There’s a lot of really nice, free software available on the Apple site. One of the first things I needed was a good FTP program, for transferring large files to my various sites. I downloaded and tried Transmit. Like all the other software I’ve checked out, it has a clean and elegant user interface and works like a charm. I’m also going to check out Interarchy 8.5.

For the whole tagging/social-bookmarking thing, there’s an app called Socialist that I’m going to try. There are lots of RSS readers/aggregators available.

A few words about the customer experience: Assuming you get a machine without any little problems, Apple has created a very smoooooooth customer experience with the MacBook. When you boot the machine up for the first time, it gives you a really cool looking and sounding “welcome” message, and then guides you easily through some initial setup functions, where you enter your name and other information, create an account on the computer, etc. At this point the system introduces you to the built-in camera at the top of the screen, allowing you to take your picture for your account profile.

Blended into the process is a pitch for Apple’s online services — called “.mac” .mac provides email accounts, disk backup service, remote storage space, blog/website hosting, and some other stuff. It’s actually really cool, but it does cost about $100 year, so I did not sign up. My point here is that the whole experience of starting with these computers is so warm and cozy that you almost just want to sign up.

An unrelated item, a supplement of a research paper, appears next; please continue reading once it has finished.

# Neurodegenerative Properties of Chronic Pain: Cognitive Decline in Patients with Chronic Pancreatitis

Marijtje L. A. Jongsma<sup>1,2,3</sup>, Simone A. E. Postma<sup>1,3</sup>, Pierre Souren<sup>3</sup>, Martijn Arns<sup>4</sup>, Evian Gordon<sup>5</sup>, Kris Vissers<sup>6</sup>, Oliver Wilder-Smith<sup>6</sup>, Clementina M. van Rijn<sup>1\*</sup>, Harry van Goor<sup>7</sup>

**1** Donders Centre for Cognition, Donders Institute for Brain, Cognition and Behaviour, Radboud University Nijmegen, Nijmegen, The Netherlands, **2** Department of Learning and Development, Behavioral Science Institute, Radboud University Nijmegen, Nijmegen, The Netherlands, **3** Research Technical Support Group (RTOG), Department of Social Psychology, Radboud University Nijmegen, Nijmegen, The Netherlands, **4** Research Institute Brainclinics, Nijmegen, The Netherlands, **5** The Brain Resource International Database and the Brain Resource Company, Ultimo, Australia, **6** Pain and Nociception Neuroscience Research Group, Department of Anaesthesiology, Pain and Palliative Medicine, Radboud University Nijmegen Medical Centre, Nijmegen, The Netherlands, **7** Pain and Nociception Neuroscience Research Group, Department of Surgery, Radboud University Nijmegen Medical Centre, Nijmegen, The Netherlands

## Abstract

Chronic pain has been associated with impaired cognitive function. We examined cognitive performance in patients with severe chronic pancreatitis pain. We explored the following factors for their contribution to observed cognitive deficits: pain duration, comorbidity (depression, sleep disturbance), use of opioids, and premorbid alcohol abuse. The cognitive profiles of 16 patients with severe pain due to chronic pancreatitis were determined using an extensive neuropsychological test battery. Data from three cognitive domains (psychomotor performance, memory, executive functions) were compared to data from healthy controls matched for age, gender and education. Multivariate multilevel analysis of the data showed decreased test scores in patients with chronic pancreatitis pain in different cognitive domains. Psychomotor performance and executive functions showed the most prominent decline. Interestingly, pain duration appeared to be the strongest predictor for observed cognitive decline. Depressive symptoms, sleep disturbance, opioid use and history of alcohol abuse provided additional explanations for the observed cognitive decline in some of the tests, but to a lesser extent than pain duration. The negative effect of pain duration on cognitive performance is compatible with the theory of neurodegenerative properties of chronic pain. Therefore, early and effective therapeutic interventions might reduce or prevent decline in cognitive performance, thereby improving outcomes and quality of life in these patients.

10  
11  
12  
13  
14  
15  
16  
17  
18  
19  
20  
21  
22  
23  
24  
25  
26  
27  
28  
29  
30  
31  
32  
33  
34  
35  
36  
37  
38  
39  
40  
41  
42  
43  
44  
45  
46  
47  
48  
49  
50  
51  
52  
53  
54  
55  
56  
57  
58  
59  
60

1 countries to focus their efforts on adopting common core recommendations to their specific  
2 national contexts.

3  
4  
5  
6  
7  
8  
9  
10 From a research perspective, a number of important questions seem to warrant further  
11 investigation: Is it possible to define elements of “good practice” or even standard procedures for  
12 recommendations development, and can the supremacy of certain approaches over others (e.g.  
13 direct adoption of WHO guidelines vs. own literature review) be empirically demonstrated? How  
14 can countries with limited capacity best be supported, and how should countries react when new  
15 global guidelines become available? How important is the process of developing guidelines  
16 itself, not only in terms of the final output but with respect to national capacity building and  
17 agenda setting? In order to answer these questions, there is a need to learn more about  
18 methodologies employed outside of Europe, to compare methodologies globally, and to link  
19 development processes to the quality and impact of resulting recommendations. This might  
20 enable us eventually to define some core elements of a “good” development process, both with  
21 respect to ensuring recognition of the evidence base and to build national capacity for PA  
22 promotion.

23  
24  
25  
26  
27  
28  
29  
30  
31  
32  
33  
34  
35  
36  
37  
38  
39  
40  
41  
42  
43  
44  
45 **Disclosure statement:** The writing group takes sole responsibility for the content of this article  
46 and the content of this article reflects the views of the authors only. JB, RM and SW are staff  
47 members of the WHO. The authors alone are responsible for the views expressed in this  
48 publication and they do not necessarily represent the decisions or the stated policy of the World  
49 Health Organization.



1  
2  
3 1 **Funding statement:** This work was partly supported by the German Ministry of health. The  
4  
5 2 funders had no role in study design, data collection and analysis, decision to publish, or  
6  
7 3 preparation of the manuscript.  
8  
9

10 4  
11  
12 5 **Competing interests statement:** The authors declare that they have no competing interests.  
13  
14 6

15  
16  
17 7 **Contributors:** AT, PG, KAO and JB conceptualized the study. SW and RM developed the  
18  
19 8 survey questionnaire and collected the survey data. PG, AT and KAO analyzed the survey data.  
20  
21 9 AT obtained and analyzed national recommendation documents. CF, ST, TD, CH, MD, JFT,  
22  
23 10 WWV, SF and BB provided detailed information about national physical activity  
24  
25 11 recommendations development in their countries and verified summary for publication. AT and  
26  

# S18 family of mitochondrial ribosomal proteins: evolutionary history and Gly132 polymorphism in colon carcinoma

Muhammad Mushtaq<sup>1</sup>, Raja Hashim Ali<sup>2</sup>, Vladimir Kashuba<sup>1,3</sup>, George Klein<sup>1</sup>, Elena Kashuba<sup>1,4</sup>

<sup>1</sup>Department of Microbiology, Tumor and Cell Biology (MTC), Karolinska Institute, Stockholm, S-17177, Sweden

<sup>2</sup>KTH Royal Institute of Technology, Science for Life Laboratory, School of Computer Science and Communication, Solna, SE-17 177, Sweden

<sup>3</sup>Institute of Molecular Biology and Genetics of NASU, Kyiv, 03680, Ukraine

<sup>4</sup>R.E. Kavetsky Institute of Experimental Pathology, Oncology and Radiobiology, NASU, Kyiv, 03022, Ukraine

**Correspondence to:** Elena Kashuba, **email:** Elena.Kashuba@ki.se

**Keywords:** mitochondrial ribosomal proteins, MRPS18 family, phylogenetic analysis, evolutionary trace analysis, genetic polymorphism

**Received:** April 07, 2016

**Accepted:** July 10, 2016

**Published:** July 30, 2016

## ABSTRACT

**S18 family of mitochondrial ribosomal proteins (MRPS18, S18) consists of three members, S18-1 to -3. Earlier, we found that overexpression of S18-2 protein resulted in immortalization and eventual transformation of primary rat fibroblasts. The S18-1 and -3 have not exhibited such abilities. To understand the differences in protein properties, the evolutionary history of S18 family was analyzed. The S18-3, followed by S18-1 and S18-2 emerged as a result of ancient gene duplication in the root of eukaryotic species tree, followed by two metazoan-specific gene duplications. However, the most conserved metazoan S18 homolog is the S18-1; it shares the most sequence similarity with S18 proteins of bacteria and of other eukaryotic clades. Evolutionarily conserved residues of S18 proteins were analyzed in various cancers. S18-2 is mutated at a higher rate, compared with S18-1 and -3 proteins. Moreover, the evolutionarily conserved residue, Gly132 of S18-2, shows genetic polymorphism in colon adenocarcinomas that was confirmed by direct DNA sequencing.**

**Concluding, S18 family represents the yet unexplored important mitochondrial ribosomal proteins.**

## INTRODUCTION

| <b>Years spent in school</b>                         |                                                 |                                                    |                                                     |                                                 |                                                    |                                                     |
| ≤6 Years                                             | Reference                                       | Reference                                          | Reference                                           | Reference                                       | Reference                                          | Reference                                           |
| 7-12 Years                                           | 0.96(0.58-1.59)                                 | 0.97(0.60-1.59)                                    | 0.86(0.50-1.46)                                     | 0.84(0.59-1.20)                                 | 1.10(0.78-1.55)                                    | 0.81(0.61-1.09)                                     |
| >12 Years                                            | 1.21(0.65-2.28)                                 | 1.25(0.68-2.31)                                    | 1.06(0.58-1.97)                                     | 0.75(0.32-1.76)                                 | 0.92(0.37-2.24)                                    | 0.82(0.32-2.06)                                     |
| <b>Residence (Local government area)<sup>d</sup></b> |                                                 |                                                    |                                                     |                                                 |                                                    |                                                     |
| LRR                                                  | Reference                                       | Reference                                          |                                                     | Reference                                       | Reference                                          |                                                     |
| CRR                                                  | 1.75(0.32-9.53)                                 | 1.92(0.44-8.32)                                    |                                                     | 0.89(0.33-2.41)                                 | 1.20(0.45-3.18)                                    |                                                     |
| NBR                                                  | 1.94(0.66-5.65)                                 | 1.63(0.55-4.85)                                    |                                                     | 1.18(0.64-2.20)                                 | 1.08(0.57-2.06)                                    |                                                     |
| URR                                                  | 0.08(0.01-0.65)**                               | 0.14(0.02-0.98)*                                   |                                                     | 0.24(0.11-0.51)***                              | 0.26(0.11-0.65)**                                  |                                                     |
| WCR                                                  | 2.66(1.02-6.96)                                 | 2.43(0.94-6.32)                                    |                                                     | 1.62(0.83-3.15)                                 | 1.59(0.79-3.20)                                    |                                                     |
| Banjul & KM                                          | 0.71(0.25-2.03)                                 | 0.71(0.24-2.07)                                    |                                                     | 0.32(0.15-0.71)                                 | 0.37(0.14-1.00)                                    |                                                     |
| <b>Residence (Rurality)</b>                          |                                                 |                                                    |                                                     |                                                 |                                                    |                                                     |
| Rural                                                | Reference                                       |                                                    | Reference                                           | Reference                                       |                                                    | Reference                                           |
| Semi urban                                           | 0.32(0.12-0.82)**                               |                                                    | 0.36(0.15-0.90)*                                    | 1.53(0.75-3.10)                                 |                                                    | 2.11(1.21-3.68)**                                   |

Anyway, I’ve really just started to explore the software the system comes with. iPhoto is really cool for managing your digital images. GarageBand looks like it will be fun, but there will be a learning curve.

So as long as the MacBook keeps working correctly, I think I’m going to like it.

More on my MacBook

So far, so good. A couple of days and no flickering. Very cool software and nice machine.

Funny. Yesterday I wrote about no really getting a sincere “We’re sorry” from the Apple Store. That same day, Seth Godin wrote this blog entry about the failure of companies to apologize for screwups. Maybe I’m not that unreasonable.

 To be fair, I think the first person I talked to at the Apple Store may have said “sorry about that” or somesuch thing. The manager, however, did not. Weird.

My new MacBook – problem – solution?

As I wrote in a previous post and then deleted, I just got a new MacBook. Why did I delete that part of the post?

Well, I as soon as I fired the MacBook up, I noticed that the screen had a weird flicker to it. Sort of a horizontal static that would show up. It didn’t render the computer unusable, but it was very noticeable. In fact, it was the first thing I noticed. Not good.

Being a librarian, I quickly researched the problem with a very complicated search string on Yahoo! — “macbook flickering screen“. It seems that lots of MacBooks have come down with this problem. It may be some kind of issue related to the logic board or something. Whatever. I was disappointed and pissed, and considered just going and getting a refund.  But, I really wanted a laptop. And I wanted a Mac. So my choices were limited. I decided to try an exchange, and see how a different machine worked out.

The next day I went back to the store and was there when they opened the doors. I’m sure they love to see a guy with a box and a frown on his face waiting for them to open the doors.